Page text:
A year after Sandy, rebuilding has been slow, halting and uneven across the region. Homeowners are still battling insurance companies, government aid is caught up in tight regulations, and new flood plain levels are not even final. There are a lot of plans on the drawing board, though, and some individuals and businesses are taking short-term steps to protect their property. WNYC is continuing to follow both the rebuilding process and the debate over just how to rebuild, here on this page.
At the start of summer, the Rockaways looked more like a construction zone than a beach destination. Its popular concession stand was still being renovated. The boardwalk that spanned most of the neighborhood’s 6.2 miles was washed away. Work trucks and trash littered the beach.
A federal task force charged with developing a Sandy-rebuilding strategy is calling to strengthen the region's electrical grids, protect gas supply chains and fortify coastlines, according to report released Monday.
A task force appointed by President Obama is expected to release its report Monday on the post-Sandy rebuilding, which could guide the storm recovery process.
For many homeowners and businesses recovering from Sandy, the mantra has been to rebuild stronger. But some New Jersey residents have concluded that their best option is not to rebuild at all.
Nine months after Sandy, thousands of homeowners in New York City are growing frustrated as they wait for government funds to make long-term repairs to their properties.
Here’s a campaign oddity: Democratic candidates running for mayor who by-and-large agree that many of Mayor Michael Bloomberg’s ideas on a particular subject are good ones.
Seven months after Sandy, tourism officials in Atlantic City are doing their best to dispel lingering misperceptions about damage to the city’s boardwalk. They’re gearing up for what they hope will be a busy summer season, and they’re hopeful that by re-branding the city as more than just a gambling mecca, they might be able to turn around the six-year drop in tourist revenue.
Studies calling for levees, flood gates that would have protected Staten Island, Coney Island and the Rockaway fell by the wayside due to lack of money, neighborhood opposition and environmental concerns.
The last of New York City’s hospitals devastated by Sandy has fully reopened after six months of repairs.
The information that owners of Sandy-damaged homes need to make decisions is at least a month from being released. As they wait, the rumors circulate.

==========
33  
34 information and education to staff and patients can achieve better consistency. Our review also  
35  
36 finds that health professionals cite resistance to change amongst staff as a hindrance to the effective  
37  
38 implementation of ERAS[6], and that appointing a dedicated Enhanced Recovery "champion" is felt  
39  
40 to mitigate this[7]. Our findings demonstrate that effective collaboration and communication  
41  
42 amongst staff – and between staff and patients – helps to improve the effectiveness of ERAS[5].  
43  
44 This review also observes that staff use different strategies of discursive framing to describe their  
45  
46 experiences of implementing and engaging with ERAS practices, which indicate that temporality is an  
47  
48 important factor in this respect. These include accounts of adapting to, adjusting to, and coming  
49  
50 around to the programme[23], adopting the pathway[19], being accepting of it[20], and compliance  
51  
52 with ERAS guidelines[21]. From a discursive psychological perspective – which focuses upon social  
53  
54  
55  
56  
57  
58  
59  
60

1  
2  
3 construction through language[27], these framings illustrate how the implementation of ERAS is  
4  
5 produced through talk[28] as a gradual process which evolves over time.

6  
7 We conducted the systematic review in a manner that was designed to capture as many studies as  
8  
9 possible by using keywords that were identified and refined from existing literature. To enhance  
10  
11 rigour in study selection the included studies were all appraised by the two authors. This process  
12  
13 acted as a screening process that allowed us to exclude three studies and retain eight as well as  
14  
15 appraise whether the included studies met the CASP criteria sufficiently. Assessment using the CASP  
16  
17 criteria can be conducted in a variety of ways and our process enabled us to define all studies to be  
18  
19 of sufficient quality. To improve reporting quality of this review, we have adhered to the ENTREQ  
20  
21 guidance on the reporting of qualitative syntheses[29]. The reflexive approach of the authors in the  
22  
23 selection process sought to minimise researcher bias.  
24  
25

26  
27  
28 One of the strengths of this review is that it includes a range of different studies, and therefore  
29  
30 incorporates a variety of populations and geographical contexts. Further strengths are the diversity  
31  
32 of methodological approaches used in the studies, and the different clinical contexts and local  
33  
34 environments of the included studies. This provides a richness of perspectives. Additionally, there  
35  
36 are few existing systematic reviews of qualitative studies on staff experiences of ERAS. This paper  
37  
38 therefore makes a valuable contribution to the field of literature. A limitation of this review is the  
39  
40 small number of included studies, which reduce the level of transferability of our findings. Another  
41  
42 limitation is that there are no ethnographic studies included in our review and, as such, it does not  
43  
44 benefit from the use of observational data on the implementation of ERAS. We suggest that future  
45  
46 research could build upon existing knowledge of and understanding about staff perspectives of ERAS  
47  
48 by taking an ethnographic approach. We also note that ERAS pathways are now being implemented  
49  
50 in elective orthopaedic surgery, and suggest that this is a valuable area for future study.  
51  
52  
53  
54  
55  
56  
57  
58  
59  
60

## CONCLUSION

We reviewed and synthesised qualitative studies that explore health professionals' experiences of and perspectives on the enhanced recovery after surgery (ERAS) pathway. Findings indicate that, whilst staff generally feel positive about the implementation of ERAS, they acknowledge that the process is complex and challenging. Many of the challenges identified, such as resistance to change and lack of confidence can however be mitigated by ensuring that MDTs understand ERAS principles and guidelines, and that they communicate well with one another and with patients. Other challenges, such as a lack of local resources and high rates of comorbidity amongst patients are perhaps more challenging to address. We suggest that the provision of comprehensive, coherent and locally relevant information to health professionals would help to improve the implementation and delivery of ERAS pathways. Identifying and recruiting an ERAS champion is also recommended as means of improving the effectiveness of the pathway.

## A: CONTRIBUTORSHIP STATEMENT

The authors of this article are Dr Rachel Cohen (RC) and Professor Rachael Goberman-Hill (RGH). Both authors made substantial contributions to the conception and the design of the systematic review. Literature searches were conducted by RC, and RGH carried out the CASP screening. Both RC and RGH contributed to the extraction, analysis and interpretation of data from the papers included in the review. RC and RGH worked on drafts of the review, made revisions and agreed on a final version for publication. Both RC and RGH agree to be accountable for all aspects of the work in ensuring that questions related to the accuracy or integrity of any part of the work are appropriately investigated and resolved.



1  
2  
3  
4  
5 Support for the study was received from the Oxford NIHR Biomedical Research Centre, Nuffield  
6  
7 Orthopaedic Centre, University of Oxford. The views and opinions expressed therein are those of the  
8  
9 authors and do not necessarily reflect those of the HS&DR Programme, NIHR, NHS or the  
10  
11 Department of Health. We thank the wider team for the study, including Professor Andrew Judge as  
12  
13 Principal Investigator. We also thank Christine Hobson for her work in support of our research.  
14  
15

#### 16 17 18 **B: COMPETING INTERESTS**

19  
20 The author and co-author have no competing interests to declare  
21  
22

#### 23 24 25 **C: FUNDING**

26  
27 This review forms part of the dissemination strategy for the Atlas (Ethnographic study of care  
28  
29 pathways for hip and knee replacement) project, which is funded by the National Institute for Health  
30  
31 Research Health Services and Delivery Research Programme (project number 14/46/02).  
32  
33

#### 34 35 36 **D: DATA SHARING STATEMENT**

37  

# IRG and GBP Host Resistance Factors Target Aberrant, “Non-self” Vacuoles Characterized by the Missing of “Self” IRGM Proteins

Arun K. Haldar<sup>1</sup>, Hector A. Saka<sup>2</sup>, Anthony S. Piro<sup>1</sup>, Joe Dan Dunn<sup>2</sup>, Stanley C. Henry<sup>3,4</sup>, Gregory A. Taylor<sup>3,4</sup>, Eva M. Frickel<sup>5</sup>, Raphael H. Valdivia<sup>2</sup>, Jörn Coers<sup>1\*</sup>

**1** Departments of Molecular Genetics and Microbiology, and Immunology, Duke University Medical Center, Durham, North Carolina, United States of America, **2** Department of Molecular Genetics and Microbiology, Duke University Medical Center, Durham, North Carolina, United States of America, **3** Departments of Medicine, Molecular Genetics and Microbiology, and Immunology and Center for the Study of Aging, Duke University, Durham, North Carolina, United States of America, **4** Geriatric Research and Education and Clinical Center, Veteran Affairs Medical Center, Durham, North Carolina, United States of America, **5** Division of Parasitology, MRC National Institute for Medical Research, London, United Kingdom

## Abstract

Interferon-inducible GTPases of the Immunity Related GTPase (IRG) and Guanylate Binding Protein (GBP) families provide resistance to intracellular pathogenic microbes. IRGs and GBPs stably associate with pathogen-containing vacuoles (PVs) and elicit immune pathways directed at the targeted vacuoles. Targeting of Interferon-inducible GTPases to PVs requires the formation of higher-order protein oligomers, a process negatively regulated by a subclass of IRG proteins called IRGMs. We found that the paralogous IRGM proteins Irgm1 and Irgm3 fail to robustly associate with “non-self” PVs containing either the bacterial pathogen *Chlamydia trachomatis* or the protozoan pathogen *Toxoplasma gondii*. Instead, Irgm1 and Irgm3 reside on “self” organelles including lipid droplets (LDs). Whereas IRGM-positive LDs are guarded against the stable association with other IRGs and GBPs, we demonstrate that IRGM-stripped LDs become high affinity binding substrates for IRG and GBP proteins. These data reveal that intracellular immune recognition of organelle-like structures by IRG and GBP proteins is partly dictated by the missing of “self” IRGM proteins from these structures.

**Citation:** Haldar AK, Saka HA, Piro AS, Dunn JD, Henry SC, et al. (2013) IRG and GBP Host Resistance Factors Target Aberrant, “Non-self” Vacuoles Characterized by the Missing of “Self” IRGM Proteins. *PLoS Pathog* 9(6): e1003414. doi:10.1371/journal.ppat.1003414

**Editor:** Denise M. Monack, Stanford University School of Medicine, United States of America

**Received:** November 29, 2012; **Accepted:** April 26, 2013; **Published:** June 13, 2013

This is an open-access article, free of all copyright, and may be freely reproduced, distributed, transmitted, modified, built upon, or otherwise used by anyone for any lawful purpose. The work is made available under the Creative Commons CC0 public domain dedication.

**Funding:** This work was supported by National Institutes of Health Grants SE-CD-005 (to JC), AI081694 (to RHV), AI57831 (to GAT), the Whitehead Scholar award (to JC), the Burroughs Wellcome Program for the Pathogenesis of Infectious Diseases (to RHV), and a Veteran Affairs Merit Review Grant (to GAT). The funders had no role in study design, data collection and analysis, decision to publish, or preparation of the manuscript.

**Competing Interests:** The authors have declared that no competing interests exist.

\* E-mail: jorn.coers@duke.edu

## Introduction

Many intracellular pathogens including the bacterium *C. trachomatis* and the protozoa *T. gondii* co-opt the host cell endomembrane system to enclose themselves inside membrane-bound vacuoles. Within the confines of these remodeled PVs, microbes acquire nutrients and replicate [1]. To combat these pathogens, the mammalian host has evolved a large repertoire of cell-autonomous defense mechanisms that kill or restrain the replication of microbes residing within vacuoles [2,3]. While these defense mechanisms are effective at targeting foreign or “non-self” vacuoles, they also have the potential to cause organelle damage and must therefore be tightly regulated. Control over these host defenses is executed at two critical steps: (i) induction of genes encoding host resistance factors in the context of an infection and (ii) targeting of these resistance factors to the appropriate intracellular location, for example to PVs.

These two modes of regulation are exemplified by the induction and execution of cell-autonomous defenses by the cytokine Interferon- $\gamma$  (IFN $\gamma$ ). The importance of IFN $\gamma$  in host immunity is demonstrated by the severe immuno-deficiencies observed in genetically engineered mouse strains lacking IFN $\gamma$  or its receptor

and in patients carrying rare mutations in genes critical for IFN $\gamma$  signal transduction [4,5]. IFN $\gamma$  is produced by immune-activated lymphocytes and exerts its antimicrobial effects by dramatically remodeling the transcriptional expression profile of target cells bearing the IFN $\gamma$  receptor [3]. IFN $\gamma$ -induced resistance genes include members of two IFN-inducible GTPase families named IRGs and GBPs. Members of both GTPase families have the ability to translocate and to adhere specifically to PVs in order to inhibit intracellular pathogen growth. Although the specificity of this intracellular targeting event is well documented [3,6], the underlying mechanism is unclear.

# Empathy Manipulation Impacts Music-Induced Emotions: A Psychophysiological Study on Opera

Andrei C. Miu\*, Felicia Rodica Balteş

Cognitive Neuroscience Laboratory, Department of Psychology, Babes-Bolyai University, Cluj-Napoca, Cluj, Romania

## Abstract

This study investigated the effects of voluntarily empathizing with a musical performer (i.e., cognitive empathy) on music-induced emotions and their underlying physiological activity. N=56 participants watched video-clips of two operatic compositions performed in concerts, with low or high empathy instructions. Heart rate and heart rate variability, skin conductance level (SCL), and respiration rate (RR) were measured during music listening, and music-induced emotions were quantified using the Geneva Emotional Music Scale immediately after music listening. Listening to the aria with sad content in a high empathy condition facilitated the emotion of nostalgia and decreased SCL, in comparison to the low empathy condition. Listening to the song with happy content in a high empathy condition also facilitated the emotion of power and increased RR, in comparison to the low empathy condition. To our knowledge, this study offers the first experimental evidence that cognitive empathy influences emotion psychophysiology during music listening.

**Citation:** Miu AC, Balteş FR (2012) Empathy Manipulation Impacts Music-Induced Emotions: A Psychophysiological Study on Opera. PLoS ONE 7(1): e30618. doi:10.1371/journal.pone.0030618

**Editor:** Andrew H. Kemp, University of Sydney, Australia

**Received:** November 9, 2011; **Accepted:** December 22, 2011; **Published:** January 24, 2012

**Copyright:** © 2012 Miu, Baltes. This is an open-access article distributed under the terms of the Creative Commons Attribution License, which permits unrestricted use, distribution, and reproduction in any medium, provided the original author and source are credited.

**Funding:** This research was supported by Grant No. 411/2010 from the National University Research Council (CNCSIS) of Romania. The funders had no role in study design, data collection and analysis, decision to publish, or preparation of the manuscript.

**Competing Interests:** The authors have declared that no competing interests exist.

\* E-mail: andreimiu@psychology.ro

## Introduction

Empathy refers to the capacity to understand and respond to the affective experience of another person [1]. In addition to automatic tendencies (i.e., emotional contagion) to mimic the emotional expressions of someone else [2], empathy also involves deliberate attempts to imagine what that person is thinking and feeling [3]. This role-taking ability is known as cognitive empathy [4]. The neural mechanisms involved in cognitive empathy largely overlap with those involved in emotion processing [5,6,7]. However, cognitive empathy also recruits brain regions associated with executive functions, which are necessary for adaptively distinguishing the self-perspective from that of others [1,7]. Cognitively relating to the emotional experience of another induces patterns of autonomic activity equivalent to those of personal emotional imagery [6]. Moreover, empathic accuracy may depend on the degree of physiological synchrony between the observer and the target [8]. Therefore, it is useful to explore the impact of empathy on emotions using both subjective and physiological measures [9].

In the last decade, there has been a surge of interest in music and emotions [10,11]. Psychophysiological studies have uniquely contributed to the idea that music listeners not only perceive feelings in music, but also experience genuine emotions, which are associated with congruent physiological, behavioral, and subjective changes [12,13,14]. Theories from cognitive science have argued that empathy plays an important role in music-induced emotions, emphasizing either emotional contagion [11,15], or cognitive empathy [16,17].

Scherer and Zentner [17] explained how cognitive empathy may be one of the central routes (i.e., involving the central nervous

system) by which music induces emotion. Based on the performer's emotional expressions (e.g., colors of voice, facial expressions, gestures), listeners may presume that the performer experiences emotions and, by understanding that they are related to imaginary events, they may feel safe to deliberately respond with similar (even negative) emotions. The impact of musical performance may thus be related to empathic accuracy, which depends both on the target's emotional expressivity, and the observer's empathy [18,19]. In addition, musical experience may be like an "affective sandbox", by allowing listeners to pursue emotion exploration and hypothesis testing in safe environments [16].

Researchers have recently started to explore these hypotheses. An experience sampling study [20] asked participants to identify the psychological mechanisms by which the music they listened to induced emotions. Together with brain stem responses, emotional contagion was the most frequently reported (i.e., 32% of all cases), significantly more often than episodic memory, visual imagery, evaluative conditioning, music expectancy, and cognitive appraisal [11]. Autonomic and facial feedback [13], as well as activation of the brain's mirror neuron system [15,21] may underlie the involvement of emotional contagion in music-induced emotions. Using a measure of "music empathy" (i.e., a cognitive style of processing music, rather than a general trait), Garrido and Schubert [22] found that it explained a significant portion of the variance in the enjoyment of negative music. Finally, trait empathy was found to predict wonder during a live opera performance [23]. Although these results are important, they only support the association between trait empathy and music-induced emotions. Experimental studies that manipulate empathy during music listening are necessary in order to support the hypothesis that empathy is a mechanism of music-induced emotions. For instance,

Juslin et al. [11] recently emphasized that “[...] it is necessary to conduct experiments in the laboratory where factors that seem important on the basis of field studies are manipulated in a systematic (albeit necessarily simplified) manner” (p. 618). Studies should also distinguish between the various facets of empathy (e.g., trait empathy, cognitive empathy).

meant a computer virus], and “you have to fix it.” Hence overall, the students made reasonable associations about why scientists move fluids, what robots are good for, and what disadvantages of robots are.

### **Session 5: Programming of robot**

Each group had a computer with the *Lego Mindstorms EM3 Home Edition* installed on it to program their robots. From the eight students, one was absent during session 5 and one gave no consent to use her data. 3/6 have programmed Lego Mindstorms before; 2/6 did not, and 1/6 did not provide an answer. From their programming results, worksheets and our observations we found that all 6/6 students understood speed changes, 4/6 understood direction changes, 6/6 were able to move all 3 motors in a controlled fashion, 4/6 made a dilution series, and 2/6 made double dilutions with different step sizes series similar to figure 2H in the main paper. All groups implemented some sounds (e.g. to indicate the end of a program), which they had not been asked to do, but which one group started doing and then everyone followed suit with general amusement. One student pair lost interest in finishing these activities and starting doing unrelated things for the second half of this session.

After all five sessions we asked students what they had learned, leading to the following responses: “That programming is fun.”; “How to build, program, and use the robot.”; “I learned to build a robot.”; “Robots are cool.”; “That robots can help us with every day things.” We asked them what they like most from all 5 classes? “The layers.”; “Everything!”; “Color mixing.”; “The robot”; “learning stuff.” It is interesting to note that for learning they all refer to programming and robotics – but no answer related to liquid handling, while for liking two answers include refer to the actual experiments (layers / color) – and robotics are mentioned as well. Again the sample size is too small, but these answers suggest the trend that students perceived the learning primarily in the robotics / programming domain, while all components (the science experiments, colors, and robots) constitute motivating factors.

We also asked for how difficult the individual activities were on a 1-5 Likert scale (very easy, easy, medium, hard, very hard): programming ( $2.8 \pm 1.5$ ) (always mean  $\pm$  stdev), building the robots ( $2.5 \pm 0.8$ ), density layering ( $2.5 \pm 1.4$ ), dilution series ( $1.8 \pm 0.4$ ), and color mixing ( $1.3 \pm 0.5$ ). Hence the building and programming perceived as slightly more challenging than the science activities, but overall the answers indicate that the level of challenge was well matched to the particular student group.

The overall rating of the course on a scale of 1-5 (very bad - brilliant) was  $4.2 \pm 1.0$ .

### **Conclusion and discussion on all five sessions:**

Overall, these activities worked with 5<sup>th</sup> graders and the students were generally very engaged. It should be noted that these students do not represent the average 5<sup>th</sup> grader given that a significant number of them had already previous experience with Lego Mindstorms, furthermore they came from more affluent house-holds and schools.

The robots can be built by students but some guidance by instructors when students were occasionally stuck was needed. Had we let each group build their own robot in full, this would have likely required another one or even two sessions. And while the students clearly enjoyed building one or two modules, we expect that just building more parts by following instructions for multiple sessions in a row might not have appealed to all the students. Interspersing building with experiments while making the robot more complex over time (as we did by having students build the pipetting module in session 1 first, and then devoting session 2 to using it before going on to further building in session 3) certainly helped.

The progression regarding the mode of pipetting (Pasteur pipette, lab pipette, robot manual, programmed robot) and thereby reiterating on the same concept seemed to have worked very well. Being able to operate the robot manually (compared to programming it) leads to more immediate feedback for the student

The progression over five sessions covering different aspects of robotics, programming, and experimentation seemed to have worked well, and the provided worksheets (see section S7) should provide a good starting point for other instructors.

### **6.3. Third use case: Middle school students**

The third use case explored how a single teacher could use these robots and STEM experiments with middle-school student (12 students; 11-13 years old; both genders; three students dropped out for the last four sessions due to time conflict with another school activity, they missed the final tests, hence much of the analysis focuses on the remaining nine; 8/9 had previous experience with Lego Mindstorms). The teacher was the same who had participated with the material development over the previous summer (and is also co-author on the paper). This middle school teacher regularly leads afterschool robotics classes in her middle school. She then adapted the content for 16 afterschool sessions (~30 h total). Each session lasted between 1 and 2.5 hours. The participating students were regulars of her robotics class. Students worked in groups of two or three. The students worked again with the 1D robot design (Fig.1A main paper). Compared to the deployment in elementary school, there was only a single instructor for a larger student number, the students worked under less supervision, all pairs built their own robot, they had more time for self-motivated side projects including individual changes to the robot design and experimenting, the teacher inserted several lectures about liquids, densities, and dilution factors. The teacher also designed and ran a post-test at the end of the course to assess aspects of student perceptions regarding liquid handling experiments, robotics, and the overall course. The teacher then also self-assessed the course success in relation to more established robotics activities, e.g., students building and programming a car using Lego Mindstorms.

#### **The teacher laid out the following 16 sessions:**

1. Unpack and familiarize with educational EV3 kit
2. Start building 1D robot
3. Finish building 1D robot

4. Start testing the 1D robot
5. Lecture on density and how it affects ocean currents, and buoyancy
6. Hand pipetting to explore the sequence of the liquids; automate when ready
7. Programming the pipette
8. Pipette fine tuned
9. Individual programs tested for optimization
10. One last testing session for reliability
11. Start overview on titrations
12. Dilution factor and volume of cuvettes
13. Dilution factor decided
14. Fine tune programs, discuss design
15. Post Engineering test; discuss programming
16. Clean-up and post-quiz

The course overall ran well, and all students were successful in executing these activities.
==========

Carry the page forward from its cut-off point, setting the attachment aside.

City dwellers are beginning to turn their attention to weekend getawaysat the beaches of Long Island. On Fire Island, business owners are still cleaning up from Sandy, but are promising to be ready for the crowds this season.
For more than a hundred years, visitors have been passing through Ellis Island. But since it opened as a national park, instead of the poor, huddled masses entering the 19th century building it's their descendents and tourists streaming in. All that changed after Sandy, whose flood waters covered the entire island.
On the Rockaway peninsula in Queens catastrophic damages from Sandy are still visible, and many residents and business owners wonder if anyone will come to a beach that’s still under construction this summer.
Realtors go the extra mile to sell in a neighborhood vulnerable to storms.
In some places, Sandy’s wrath is a reason to walk away from their homes as opposed to staying on and fixing them up.
While the most badly damaged structures in Union Beach, N.J., are being totally demolished, more than 1,700 homes and rentals — or about 80 percent of all the borough’s dwellings — sustained at least some damage when storm surges enveloped the community last October.
It's been six months since Hurricane Sandy caused flooding and destruction throughout the region. Matthew Schuerman, WNYC editor, and Scott Gurian, freelance reporter, discuss their reporting on the recovery, from the re-building in Long Beach, Long Island to how federal money is being used to improve infrastructure.
Plus: your six-month calls. How is the recovery going in your area? If your home was affected by the storm, have you decided whether to stay and do nothing, to renovate for flood prevention, or to move away from the shore altogether? Call 212-433-9692 or post your story here.
I was born and raised in the Red Hook projects and we’ve weathered a few storms. The last one — Sandy — has people pooling resources to brace us for future disasters. I believe I know the biggest resource that should be in any storm-plans.
I’ve lived in the East Village, in lower Manhattan, for twenty years— in a narrow railroad apartment that I like to think of as quaint, where the living room is only eight feet wide. My walls are lined with bookshelves from the living room to the kitchen, because I’m a critic and a translator. If I’m home, which I often am, I’m either reading or writing. When Hurricane Sandy approached last October, and the skies darkened and the wind started howling, I rubbed my hands in anticipation, remembering the tornadoes of my Midwestern youth. This one, I thought, unlike Hurricane Irene, was truly going to hit. Curling up in an armchair by the window, I started reading, listening as branches thrashed and trash cans clanged like cymbals on the sidewalk below. And then the power went out. It stayed out for five days.
The city of Long Beach broke ground this weekend on its new boardwalk: 2.2 miles long, it will feature special braces that will tie the planks to the supports and a concrete wall that will hang down from in front of the boardwalk like a skirt, to break the waves the next time the Atlantic rises up against it.